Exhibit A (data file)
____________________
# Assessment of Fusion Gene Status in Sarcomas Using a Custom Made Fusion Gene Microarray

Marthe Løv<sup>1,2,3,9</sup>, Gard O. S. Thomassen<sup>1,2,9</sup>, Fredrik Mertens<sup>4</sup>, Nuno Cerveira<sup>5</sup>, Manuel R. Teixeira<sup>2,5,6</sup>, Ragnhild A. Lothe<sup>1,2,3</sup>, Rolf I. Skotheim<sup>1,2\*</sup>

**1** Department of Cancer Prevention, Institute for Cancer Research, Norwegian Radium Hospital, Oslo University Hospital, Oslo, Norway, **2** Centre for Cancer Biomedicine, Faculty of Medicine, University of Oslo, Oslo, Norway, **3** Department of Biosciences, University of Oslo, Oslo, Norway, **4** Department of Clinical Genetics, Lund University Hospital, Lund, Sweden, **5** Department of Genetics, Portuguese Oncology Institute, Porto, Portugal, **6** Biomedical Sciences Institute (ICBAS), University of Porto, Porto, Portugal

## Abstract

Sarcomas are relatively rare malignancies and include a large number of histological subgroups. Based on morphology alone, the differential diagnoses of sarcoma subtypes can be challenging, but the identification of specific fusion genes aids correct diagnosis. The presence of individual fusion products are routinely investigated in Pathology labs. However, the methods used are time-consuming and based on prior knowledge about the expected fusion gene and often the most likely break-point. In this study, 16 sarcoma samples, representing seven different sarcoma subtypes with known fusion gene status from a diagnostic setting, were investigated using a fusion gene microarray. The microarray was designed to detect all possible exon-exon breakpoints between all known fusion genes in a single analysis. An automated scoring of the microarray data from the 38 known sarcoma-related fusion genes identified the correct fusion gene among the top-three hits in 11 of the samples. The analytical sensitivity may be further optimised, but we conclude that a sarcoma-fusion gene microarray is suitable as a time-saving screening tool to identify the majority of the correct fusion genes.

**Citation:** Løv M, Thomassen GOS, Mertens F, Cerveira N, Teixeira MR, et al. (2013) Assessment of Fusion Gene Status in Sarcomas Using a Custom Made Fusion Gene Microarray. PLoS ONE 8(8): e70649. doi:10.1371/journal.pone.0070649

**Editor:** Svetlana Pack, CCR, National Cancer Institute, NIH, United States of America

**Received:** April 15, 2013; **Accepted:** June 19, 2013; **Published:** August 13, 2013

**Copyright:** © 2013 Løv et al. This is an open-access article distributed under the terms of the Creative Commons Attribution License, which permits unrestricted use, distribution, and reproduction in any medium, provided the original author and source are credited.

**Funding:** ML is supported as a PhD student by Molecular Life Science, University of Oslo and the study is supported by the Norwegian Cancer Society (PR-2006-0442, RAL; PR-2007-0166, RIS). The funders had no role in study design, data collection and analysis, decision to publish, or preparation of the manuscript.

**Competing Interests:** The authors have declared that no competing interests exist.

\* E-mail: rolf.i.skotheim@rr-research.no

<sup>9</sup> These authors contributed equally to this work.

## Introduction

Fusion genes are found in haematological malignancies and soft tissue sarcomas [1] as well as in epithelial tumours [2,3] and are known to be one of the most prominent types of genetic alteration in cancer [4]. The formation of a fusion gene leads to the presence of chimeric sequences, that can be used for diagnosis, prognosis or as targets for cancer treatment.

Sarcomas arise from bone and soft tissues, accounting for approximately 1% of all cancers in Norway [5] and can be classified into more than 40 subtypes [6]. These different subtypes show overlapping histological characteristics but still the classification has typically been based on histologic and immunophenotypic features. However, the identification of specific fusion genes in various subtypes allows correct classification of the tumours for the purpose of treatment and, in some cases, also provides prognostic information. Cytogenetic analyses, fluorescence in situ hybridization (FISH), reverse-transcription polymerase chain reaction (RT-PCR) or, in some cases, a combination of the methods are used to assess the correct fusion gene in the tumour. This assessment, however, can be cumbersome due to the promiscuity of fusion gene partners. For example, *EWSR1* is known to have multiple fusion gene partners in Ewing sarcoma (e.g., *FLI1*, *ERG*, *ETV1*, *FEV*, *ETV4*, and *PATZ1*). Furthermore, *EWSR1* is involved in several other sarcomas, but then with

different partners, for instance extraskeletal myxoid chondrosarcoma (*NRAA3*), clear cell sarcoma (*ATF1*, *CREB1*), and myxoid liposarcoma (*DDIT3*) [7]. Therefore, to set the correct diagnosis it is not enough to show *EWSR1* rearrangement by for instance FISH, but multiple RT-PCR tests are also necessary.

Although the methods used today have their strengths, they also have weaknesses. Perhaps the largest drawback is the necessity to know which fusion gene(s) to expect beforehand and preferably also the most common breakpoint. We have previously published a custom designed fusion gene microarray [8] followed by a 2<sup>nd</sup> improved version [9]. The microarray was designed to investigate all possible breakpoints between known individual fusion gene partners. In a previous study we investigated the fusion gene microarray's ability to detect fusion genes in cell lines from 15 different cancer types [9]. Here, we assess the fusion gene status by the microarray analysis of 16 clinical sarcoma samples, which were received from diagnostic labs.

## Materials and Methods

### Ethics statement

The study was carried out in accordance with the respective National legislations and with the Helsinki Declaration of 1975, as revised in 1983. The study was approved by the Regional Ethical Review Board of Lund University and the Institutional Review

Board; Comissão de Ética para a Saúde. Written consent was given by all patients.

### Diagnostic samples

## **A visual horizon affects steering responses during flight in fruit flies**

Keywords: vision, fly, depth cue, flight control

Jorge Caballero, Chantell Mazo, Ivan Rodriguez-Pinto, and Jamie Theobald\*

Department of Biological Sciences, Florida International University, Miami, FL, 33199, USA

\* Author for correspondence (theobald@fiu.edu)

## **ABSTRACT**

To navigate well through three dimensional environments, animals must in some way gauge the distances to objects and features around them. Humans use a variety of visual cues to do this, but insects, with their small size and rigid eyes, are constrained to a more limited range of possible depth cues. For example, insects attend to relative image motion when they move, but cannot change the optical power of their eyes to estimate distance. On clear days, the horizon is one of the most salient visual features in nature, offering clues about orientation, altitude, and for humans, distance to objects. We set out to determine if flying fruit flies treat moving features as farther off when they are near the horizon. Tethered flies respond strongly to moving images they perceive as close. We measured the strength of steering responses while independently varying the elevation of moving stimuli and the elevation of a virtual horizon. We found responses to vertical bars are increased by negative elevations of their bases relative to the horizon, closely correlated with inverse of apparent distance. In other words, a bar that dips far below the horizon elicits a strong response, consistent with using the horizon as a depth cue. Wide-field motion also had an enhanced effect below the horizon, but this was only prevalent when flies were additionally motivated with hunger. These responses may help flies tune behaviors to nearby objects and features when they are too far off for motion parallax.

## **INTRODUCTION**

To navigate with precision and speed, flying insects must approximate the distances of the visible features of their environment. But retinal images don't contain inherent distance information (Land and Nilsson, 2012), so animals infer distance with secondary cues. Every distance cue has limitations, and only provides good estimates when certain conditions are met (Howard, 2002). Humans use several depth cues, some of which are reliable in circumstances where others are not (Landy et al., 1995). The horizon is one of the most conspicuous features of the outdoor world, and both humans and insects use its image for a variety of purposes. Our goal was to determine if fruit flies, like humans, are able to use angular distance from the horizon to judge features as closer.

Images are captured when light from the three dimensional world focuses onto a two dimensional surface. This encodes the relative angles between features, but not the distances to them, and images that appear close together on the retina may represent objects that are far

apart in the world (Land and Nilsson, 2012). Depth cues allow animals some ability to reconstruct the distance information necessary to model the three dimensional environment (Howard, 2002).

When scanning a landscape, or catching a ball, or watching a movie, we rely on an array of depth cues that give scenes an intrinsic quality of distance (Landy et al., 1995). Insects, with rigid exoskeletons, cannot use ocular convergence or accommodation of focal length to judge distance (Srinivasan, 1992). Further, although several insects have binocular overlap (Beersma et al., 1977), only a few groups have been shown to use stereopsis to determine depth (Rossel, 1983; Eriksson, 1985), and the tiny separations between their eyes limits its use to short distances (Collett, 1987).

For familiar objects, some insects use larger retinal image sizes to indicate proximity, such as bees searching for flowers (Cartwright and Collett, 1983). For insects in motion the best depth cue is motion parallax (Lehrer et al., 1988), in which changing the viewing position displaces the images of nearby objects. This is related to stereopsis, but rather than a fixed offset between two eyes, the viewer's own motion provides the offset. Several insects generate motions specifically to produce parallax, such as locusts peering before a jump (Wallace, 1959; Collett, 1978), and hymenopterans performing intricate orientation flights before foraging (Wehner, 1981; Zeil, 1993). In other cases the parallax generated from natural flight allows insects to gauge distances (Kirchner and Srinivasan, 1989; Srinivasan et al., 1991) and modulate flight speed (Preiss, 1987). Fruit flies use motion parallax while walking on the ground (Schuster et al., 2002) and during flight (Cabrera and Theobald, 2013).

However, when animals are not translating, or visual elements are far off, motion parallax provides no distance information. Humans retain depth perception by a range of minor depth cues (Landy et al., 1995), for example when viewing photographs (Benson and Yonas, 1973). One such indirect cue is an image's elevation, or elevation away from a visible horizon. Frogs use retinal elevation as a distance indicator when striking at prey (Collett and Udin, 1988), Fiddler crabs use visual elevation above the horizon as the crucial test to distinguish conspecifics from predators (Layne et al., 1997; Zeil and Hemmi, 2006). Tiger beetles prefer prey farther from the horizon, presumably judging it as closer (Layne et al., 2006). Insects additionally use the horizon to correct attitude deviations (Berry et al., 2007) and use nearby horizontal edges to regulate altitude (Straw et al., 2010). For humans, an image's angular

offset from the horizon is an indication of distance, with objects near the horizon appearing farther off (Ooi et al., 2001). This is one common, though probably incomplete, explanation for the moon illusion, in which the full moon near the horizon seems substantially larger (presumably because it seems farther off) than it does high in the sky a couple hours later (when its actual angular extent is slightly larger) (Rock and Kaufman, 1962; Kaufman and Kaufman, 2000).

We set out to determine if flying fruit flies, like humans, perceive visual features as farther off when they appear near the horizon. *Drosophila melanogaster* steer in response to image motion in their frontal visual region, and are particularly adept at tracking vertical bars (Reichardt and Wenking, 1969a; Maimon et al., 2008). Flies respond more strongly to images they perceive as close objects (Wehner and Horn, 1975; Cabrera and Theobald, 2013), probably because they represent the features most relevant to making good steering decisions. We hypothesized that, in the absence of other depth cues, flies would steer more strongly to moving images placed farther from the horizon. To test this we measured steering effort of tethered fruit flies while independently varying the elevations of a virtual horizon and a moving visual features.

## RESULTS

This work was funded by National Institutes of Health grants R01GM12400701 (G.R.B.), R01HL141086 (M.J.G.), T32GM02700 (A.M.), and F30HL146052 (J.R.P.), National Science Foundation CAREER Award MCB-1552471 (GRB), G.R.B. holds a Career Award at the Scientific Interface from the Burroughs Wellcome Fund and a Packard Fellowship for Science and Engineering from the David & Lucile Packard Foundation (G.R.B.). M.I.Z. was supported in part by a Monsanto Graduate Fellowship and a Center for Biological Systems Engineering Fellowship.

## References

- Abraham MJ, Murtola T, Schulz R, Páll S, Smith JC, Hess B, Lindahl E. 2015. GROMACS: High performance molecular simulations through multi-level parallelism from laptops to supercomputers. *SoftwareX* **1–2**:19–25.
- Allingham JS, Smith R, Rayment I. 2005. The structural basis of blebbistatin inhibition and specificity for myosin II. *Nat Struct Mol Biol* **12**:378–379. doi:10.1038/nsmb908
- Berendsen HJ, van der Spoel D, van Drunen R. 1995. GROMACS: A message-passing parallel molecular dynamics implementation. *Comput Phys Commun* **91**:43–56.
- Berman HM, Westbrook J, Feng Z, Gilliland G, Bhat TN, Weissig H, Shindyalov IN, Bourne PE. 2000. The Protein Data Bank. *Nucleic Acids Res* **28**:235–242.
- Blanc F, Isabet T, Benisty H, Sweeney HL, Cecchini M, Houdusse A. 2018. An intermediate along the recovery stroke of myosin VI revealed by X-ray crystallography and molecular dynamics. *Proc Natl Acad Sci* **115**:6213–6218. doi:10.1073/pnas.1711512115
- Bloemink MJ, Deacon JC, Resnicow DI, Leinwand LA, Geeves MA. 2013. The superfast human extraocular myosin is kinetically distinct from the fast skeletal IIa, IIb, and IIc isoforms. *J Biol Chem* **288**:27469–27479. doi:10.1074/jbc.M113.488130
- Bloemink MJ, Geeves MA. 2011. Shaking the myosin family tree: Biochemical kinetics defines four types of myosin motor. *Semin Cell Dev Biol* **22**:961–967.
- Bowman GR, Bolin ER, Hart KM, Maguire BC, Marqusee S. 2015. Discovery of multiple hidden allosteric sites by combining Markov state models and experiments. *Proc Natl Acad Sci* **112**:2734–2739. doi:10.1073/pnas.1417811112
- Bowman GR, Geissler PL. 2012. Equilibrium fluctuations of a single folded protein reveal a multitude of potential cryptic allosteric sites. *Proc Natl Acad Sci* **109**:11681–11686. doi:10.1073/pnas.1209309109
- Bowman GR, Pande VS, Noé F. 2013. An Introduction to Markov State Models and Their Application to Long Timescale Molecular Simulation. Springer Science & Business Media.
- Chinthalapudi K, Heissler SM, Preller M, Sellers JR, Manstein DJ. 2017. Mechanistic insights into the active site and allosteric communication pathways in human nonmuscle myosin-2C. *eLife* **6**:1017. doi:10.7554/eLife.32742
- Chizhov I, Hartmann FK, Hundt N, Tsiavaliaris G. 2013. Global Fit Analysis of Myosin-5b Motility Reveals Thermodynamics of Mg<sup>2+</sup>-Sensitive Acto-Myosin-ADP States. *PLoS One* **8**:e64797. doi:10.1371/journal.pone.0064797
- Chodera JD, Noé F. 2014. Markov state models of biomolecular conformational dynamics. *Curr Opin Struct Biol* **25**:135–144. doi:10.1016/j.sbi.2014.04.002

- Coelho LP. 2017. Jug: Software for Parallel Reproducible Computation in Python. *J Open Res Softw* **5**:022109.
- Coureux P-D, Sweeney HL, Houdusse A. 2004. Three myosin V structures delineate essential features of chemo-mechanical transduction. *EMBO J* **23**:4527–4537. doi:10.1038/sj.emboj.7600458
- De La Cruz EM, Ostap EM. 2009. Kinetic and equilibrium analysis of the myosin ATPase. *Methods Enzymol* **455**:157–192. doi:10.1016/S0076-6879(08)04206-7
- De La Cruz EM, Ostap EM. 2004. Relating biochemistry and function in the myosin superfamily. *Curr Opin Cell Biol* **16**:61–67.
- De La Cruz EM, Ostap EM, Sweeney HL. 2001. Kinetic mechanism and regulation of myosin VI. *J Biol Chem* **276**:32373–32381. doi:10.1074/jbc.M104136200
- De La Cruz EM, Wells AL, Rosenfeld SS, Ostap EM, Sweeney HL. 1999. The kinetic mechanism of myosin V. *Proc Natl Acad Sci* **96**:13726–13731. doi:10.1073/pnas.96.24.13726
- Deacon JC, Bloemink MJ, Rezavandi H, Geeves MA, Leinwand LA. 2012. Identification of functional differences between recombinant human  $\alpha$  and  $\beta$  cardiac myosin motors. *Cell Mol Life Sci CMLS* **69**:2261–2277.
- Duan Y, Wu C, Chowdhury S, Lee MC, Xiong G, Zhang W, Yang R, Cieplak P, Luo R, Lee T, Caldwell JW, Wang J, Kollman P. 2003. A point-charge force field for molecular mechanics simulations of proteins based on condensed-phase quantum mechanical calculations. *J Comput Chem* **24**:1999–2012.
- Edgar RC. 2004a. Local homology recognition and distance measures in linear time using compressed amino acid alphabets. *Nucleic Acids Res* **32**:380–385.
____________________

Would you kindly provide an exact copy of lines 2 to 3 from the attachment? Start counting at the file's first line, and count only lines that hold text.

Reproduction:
Marthe Løv<sup>1,2,3,9</sup>, Gard O. S. Thomassen<sup>1,2,9</sup>, Fredrik Mertens<sup>4</sup>, Nuno Cerveira<sup>5</sup>, Manuel R. Teixeira<sup>2,5,6</sup>, Ragnhild A. Lothe<sup>1,2,3</sup>, Rolf I. Skotheim<sup>1,2\*</sup>

**1** Department of Cancer Prevention, Institute for Cancer Research, Norwegian Radium Hospital, Oslo University Hospital, Oslo, Norway, **2** Centre for Cancer Biomedicine, Faculty of Medicine, University of Oslo, Oslo, Norway, **3** Department of Biosciences, University of Oslo, Oslo, Norway, **4** Department of Clinical Genetics, Lund University Hospital, Lund, Sweden, **5** Department of Genetics, Portuguese Oncology Institute, Porto, Portugal, **6** Biomedical Sciences Institute (ICBAS), University of Porto, Porto, Portugal